Rosenblum said the recent storm season illustrates another lesson: Organizations should store data somewhere remote and not simply in a building across the street.
National Archives and Records Administration officials contend that federal agencies already have protocols in place for off-site data archiving.
"Agencies do not need to do things differently if they have been managing their vital records" as prescribed by federal regulations, said Paul Wester, director of NARA's Modern Records Programs. "In general, because of [the 2001 terrorist attacks] and now Katrina, there is a greater awareness that records and records management need to be accounted for in an agency's continuity of operations plan," he said.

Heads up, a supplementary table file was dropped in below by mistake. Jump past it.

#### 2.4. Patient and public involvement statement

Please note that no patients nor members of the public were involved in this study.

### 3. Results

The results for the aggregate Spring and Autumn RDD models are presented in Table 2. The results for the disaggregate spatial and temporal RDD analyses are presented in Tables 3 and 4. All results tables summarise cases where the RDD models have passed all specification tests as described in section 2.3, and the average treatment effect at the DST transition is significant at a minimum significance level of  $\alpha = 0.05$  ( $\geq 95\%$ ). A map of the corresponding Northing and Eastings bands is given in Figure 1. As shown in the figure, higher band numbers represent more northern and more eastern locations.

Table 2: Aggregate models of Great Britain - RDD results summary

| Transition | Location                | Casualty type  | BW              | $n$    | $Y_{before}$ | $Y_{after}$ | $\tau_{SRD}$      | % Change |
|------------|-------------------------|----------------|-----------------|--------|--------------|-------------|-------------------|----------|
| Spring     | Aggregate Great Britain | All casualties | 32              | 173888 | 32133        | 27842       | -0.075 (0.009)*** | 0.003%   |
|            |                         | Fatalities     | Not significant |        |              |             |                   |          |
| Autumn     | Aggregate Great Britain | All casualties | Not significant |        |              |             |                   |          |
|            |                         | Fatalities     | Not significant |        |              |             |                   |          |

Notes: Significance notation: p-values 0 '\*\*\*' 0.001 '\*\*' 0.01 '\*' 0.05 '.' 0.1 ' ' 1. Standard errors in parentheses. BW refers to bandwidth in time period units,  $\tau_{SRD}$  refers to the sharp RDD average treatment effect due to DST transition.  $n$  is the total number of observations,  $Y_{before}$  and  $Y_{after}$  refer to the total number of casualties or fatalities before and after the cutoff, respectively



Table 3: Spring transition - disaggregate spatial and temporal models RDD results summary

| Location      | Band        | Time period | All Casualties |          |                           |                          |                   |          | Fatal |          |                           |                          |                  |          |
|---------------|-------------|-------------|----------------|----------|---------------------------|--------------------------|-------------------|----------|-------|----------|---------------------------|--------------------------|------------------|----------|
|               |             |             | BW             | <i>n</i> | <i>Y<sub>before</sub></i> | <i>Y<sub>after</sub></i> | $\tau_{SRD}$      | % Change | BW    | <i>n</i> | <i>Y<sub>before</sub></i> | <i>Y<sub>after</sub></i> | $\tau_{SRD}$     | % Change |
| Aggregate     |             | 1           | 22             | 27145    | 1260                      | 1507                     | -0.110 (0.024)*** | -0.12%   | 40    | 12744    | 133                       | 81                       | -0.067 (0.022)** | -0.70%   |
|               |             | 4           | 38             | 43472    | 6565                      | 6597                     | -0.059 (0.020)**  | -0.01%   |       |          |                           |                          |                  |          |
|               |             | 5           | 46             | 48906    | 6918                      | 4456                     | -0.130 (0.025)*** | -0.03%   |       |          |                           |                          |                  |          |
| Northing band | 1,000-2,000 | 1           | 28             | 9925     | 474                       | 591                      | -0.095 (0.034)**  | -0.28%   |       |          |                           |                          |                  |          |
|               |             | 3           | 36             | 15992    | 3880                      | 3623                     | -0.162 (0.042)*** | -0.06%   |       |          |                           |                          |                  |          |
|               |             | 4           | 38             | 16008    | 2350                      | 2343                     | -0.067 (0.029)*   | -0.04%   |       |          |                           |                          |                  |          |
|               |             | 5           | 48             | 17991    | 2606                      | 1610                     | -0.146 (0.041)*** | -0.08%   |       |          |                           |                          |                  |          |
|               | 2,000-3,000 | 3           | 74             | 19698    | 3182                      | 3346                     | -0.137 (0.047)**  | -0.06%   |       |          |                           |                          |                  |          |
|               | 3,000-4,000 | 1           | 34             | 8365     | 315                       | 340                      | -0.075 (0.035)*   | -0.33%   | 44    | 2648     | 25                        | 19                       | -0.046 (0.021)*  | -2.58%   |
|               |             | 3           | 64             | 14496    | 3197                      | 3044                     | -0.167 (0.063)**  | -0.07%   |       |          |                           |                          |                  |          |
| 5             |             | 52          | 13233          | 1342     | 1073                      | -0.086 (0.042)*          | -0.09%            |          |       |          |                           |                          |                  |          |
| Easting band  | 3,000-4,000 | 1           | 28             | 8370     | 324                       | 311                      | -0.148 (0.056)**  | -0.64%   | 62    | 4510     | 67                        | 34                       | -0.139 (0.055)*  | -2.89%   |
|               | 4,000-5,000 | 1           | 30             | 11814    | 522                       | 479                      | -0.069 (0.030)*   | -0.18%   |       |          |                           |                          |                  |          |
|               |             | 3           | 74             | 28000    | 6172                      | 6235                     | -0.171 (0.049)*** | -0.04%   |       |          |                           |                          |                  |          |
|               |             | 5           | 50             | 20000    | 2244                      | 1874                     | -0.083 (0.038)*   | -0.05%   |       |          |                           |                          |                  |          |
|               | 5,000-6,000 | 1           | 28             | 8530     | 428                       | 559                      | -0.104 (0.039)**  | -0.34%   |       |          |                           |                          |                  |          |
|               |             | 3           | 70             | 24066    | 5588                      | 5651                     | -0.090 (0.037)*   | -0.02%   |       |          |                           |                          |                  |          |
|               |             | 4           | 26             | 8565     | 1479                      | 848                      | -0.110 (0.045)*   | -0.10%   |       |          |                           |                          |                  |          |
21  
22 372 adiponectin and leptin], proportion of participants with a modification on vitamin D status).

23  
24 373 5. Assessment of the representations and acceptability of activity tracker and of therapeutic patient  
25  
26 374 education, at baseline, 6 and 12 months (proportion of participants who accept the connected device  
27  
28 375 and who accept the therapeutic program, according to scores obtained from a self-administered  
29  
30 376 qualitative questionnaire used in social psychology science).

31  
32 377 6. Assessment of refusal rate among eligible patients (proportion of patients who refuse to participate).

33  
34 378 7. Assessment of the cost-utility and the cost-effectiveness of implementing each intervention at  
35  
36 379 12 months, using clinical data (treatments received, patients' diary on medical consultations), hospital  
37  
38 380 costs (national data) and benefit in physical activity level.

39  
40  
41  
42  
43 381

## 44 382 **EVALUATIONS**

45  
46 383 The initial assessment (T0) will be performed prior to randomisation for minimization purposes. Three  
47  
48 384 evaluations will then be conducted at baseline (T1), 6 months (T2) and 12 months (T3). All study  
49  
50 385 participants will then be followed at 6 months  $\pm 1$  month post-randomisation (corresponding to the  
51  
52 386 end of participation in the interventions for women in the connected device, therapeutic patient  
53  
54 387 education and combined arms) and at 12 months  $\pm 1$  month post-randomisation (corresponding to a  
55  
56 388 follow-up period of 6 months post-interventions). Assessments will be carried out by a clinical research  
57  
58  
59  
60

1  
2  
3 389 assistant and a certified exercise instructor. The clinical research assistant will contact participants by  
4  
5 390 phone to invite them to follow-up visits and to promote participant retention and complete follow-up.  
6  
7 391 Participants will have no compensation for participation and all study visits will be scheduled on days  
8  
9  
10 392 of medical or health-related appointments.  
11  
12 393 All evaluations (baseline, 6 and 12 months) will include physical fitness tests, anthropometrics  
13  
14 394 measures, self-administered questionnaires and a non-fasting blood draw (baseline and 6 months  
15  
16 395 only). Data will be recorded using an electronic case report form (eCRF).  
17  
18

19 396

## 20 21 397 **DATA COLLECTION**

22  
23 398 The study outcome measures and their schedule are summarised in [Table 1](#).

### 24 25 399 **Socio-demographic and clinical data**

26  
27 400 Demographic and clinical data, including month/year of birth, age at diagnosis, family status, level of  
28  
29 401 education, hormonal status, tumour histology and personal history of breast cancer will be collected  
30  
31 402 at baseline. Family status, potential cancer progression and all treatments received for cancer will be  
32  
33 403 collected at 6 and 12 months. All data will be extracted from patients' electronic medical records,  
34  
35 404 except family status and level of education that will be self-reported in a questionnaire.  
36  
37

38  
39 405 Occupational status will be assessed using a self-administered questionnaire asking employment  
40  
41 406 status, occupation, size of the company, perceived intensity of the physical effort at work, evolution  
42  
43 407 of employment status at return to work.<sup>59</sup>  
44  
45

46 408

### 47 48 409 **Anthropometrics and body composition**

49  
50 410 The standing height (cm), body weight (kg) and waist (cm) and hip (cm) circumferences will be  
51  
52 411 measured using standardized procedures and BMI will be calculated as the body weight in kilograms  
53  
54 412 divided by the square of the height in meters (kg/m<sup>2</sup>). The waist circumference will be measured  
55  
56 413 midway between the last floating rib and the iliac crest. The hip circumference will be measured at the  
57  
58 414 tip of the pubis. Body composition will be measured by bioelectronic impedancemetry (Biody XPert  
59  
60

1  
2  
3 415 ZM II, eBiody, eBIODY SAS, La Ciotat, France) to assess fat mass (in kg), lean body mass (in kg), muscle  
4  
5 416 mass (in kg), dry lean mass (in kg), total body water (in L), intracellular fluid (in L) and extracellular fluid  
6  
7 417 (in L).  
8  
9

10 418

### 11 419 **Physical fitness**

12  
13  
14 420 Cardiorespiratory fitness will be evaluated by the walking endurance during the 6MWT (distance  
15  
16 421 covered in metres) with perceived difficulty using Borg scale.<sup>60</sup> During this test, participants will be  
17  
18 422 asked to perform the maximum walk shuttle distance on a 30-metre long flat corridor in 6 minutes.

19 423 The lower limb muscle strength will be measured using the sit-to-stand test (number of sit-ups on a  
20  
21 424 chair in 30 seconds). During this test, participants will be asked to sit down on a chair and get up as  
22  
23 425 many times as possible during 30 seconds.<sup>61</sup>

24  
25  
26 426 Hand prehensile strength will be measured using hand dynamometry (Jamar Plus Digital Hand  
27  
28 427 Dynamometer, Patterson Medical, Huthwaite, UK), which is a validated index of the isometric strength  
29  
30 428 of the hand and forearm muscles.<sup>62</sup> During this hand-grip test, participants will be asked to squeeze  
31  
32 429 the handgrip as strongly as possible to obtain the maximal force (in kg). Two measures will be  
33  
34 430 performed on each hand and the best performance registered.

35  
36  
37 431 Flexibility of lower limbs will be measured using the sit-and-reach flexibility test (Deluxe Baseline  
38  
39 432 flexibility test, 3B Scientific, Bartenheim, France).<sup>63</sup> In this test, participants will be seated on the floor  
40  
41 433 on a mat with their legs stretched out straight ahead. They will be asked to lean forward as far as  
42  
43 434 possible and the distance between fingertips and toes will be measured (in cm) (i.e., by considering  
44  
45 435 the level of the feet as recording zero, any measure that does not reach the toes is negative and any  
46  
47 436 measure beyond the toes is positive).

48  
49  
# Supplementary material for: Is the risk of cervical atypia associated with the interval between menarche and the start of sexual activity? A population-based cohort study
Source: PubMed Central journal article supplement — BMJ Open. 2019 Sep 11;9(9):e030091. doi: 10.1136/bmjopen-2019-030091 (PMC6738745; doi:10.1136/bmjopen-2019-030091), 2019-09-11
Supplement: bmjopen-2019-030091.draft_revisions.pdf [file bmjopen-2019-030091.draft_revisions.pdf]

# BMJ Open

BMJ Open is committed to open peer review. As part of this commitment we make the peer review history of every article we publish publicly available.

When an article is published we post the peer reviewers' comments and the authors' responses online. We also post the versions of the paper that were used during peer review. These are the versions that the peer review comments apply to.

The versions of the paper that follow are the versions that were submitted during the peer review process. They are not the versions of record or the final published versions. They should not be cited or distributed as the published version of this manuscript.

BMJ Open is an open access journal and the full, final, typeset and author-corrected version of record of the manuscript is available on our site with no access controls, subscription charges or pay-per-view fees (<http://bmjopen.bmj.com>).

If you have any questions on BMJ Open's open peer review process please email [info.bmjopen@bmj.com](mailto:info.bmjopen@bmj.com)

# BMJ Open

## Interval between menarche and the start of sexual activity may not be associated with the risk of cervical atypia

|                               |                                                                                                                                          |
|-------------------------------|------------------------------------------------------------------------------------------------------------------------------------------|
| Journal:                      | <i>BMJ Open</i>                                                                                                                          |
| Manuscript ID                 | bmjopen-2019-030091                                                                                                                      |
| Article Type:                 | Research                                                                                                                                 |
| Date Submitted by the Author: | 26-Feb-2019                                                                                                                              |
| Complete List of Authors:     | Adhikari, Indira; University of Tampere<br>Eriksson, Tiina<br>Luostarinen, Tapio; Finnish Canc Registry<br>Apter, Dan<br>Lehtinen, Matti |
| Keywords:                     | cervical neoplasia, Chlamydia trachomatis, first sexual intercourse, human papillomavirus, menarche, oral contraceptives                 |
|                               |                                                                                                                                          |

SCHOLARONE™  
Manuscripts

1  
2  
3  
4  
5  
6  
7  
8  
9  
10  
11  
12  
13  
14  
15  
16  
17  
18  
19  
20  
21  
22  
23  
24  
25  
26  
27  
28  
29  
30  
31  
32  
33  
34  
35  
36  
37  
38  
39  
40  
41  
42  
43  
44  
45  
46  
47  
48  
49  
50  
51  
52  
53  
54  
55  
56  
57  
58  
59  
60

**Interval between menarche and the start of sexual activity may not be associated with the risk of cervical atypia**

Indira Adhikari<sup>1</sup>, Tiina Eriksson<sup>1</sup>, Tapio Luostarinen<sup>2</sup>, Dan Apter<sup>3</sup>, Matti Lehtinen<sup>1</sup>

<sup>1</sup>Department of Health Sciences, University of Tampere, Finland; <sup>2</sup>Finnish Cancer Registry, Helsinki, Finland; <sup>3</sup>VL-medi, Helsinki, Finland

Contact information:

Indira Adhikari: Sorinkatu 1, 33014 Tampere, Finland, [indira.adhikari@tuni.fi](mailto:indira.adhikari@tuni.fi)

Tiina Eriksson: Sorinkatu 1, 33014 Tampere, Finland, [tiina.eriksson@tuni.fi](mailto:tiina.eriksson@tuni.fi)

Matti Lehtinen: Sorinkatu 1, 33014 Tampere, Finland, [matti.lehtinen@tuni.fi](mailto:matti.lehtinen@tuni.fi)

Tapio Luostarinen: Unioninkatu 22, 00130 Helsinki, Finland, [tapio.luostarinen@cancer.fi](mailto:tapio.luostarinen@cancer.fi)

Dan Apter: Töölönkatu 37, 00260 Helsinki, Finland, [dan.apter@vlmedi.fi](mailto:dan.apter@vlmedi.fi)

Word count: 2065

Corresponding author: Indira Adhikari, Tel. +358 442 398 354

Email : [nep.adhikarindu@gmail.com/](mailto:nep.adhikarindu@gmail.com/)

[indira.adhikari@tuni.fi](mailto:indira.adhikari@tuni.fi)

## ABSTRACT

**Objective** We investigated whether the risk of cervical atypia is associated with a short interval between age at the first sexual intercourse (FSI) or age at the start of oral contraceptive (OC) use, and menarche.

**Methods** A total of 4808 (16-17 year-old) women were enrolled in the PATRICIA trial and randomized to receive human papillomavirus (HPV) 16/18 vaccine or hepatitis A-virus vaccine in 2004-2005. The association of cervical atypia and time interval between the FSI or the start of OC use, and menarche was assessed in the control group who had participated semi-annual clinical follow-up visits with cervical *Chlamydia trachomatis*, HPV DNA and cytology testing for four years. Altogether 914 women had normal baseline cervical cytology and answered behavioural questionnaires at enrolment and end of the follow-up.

NARA will likely re-emphasize vital records training at some point in fiscal 2006 to prepare for the next hurricane season. For example, NARA information security officials are warning agencies to shield particular backup operations.
William Bosanko, associate director of NARA's Information Security Oversight Office, said agencies need to consider the sensitive information that may be in federal records and "be prepared to take prompt and effective action in a disaster situation to protect the integrity and security of such information."